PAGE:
Supreme Court approves Bullock Cart Race in Maharashtra

Tags: National News

Supreme Court has allowed the resumption of the traditional rural bull racing sport popular as ‘bailgada’, ‘sharyat’, ‘chakkadi’ and ‘shankar path’.

A 2-judge Supreme Court (SC) Bench of Justice A.M. Khanwilkar and Justice C.T.Ravikumar gave the nod to resume bullock cart races in Maharashtra that were prohibited since 2017, in response to an application filed by the Maharashtra government.

SC said the amended rules notified by the Maharashtra State under the Prevention of Cruelty to Animals (PCA) Act, 1960 would apply to the conduct of the races until a final decision of SC’s constitutional bench on the 2018 Jallikattu case arrives.

Issues related to Animal Sport

-These are ancient sports and the symbol of the cultural pride of the state

- Legal provisions involved

  • In 2011, the Centre added bulls to the list of animals whose training and exhibition is prohibited.
  • In 2014, the Supreme Court banned the bull-taming sport, ruling on a petition filed by the Animal Welfare Board of India and the People for the Ethical Treatment of Animals (PETA) that cited the 2011 notification. SC had favored the grant of constitutional status to rights of animals like citizens. 
  • It also needs to be seen, that, whether these traditions can be protected as a cultural right of the people of the states which is a fundamental right.
  • Article 29 (1) mandates that “any section of the citizens residing in the territory of India or any part thereof having a distinct language, script or culture of its own shall have the right to conserve the same”.
  • The sport is termed as the bull-taming and racing event and in a point of discussion is referred to violate the Prevention of Cruelty to Animals Act. The bulls may get injured during the sports which might lead to animal welfare issues.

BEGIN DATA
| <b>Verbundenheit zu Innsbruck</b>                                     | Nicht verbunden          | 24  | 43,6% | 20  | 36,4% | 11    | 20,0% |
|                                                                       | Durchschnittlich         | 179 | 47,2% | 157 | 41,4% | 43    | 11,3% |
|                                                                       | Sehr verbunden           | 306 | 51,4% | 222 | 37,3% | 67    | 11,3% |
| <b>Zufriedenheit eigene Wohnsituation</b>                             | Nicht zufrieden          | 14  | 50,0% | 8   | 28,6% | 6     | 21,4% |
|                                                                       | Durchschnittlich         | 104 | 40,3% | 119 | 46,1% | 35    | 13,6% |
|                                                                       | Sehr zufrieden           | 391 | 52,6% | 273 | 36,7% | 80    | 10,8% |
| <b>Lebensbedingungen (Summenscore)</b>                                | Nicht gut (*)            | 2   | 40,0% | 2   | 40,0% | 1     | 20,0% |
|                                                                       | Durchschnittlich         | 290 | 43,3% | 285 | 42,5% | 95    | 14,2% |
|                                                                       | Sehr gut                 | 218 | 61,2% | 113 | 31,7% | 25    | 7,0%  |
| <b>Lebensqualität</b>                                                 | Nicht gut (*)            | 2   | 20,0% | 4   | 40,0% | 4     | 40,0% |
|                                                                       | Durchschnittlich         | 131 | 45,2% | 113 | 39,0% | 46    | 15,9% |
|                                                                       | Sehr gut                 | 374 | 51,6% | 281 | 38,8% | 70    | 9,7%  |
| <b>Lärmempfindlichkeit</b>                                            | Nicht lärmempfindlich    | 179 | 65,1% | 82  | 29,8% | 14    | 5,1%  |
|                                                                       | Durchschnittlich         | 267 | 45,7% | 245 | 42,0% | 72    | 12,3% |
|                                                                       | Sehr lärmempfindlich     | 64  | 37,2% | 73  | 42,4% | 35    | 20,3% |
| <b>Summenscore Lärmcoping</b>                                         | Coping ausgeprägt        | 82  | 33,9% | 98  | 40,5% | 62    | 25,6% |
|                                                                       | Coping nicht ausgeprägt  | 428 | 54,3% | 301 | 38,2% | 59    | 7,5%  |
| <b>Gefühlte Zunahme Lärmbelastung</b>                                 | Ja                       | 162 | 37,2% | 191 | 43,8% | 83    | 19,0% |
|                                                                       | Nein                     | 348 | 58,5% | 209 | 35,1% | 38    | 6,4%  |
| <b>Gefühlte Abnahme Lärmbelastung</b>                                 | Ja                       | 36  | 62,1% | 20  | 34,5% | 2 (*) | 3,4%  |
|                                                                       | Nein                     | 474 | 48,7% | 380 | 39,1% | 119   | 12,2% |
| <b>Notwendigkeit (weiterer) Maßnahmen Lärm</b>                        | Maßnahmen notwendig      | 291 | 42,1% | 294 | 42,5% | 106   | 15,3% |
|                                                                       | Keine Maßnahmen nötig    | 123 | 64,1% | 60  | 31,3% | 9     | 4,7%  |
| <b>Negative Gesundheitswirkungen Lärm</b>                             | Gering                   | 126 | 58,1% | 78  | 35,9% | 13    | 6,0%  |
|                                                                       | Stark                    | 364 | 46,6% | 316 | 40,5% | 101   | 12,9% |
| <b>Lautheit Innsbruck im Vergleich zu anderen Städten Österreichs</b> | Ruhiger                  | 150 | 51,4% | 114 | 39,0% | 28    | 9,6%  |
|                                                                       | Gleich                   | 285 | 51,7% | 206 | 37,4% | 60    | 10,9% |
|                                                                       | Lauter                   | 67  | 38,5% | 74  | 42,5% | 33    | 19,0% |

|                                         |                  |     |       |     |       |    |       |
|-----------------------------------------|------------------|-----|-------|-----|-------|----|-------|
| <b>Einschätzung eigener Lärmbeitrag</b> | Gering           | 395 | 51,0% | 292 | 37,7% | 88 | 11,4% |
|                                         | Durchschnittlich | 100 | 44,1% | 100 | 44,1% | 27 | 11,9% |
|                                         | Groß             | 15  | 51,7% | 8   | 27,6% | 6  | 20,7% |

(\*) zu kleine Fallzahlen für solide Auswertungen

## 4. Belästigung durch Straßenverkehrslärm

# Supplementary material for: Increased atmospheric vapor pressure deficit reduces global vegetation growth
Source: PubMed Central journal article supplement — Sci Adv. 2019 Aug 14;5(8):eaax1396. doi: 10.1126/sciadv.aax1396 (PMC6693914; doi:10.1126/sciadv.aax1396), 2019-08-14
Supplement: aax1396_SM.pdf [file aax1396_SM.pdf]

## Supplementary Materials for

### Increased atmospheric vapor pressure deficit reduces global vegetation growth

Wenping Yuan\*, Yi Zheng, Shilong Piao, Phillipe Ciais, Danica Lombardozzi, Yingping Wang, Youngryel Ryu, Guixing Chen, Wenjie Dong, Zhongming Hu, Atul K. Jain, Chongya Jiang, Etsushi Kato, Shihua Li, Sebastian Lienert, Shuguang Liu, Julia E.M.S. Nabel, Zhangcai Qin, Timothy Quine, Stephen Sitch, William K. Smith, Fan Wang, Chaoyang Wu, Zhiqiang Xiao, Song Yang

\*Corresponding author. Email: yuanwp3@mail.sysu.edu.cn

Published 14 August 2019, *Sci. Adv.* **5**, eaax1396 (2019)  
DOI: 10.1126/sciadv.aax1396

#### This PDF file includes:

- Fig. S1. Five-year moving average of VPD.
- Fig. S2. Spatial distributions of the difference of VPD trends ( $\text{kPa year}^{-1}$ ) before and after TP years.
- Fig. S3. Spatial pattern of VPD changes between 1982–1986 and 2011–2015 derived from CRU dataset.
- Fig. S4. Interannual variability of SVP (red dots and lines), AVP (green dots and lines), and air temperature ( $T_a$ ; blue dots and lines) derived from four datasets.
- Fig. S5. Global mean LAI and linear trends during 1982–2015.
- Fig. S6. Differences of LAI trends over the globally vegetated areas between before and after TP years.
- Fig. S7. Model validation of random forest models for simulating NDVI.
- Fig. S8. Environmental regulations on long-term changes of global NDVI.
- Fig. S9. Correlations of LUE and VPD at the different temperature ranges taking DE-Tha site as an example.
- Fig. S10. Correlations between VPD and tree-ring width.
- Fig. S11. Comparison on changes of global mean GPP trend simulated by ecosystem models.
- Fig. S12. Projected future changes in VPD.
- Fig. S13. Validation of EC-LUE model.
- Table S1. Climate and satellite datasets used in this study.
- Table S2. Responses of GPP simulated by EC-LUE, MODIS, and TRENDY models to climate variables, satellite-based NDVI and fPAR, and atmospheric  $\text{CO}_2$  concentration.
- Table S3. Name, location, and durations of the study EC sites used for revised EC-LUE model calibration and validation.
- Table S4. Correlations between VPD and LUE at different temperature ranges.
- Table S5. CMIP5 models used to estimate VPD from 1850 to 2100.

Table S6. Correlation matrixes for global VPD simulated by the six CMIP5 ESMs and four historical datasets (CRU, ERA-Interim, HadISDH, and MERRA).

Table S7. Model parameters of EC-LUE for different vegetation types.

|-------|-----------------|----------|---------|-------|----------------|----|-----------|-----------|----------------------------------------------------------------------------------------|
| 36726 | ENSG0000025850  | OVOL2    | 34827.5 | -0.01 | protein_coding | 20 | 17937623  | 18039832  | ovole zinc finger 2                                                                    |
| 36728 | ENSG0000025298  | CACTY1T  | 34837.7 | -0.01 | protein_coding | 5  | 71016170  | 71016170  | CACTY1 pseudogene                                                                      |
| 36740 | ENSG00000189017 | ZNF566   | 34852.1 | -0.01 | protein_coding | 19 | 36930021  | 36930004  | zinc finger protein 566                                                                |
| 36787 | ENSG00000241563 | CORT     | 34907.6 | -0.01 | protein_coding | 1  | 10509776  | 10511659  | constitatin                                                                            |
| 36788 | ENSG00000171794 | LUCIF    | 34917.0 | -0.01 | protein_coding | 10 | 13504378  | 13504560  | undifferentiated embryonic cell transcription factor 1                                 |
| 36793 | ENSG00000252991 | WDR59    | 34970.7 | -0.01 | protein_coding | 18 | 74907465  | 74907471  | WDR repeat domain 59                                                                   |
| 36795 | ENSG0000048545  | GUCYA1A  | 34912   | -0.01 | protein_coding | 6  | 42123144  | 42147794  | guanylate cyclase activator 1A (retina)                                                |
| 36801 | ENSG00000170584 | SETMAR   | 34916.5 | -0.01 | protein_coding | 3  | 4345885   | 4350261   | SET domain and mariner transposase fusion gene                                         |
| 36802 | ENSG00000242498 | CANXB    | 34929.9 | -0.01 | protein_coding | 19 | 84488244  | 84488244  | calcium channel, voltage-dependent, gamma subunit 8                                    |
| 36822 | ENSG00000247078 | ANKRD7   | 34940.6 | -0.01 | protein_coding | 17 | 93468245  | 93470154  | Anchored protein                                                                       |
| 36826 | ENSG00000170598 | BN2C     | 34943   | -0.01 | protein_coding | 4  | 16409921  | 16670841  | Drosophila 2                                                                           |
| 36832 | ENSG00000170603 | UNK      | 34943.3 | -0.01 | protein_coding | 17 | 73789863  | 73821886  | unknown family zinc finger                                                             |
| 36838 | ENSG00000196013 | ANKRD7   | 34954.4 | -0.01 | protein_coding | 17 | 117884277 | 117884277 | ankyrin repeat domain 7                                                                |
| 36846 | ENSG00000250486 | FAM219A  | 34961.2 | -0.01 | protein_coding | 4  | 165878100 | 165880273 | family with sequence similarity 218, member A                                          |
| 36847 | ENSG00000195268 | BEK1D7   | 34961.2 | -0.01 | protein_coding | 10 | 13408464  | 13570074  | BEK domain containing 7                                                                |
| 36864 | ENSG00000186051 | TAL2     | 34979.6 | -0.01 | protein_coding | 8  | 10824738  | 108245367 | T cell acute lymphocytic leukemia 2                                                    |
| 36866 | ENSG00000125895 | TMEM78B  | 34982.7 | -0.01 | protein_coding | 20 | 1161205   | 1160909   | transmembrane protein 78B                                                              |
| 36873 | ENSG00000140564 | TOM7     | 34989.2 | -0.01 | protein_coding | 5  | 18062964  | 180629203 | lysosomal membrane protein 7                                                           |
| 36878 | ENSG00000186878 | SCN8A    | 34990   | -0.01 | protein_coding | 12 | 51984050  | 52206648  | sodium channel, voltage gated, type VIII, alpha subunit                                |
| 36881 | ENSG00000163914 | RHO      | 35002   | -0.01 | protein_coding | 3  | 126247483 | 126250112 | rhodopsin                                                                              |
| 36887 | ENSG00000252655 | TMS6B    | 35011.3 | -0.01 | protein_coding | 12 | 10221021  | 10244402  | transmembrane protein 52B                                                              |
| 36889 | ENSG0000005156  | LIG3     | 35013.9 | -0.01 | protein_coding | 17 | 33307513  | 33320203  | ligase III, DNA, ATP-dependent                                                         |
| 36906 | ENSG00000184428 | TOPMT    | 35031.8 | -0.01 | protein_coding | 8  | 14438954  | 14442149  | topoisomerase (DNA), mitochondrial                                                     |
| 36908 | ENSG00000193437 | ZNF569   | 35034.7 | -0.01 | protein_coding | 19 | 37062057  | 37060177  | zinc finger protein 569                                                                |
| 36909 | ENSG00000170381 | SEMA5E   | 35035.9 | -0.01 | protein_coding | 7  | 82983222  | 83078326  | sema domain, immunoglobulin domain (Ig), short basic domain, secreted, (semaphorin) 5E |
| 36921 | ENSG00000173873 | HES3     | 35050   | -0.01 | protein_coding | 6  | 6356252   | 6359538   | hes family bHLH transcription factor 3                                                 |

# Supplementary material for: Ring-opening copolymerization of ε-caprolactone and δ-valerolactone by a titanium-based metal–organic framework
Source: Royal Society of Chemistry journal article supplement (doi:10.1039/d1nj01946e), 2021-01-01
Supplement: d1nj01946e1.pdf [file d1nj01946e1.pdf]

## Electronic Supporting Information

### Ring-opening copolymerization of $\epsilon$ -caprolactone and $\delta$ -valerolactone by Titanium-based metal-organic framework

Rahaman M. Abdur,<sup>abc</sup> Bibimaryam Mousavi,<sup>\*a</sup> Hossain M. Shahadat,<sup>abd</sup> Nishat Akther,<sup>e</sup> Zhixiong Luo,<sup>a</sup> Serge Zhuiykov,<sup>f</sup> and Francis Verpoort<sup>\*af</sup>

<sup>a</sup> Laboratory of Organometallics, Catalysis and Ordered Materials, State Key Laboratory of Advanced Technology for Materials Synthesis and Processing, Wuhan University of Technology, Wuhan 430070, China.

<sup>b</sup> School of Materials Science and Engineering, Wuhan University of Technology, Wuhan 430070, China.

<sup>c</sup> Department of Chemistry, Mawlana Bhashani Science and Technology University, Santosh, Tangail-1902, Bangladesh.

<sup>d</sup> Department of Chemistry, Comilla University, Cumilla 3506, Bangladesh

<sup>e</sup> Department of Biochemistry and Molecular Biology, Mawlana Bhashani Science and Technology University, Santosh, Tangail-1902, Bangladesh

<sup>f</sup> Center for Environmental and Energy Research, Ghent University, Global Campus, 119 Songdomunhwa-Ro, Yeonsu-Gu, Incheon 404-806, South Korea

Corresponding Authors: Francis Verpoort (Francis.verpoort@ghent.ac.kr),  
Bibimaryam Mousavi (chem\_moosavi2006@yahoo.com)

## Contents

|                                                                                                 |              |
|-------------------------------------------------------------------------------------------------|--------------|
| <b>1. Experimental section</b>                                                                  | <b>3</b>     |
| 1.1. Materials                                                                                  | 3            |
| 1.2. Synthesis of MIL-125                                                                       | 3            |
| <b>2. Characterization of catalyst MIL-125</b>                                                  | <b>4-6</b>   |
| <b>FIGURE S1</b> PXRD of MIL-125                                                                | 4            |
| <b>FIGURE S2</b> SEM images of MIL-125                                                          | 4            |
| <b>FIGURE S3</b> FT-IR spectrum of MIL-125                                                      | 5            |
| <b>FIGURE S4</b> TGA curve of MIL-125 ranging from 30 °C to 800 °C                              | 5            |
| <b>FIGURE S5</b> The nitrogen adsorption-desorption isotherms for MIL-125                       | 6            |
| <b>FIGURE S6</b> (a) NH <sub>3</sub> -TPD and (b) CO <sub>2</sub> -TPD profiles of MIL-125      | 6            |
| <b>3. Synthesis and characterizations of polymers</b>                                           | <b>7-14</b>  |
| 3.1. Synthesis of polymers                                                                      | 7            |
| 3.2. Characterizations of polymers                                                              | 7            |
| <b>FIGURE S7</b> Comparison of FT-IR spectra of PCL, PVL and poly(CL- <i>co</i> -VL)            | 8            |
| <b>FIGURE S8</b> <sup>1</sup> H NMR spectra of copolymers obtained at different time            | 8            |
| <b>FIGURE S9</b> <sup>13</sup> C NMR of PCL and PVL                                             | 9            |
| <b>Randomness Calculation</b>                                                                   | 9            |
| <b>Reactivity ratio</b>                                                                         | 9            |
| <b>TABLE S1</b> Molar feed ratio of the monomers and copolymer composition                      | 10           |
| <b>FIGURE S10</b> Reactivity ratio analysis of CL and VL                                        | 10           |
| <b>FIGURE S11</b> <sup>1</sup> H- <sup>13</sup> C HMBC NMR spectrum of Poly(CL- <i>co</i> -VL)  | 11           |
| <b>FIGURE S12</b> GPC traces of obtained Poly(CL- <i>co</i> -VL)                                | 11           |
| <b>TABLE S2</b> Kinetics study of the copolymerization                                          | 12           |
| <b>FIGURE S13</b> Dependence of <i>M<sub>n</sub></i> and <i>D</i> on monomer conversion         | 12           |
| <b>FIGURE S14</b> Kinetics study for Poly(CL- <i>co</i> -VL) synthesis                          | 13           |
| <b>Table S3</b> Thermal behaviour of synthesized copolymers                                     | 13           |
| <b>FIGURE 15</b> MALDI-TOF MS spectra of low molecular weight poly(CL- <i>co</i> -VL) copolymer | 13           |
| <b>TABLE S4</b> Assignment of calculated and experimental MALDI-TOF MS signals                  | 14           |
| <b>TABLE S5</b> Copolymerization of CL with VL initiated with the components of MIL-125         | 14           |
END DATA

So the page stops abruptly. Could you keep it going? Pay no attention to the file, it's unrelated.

• Safeguarding the wildlife and forests, and being compassionate towards living creatures are important aspects of directives principles of state policy (DPSPs) enshrined in Article 48A of Indian Constitution.
  • Like Tamil Nadu’s Jallikattu, Karnataka too passed a law to save a similar sport, called Kambala. 
  • Except in Tamil Nadu and Karnataka, where bull-taming and racing continue to be organised, these sports remain banned in all other states including Andhra Pradesh, Punjab and Maharashtra(till date) due to the 2014 ban order from the Supreme Court.


Kambala is a traditional bull buffalo race that generally takes place in coastal Karnataka from November to March. 


  • A tradition over 2,000 years old (reference found in seals of Indus Valley Civilisation), Jallikattu is a competitive sport as well as an event to honour bull owners.
  • It is a violent sport in which contestants try to tame a bull for a prize; if they fail, the bull owner wins the prize.
  • It is popular in Madurai, Tiruchirappalli, Theni, Pudukkottai and Dindigul districts of Tamil Nadu known as the Jallikattu belt.
  • It is celebrated in the second week of January, during the Tamil harvest festival, Pongal

Animal Welfare Board of India (AWBI)

  • Headquartered at Ballabhgarh in Haryana state, previously Chennai.
  • The AWBI is a statutory advisory body on Animal Welfare Laws and promotes animal welfare in the country. 
  • Established in 1962 under Section 4 of the Prevention of Cruelty to Animals Act, 1960 (No. 59 of 1960)
  • The board was initially within the jurisdiction of the Government of India's Ministry of Food and Agriculture. In 1990, the subject of Prevention of Cruelty to Animals was transferred to the Ministry of Environment, Forests and Climate change, where it now resides

People for the Ethical Treatment of Animals (PETA)

  • PETA headquartered in Virginia, USA, is the largest animal rights organization in the world.

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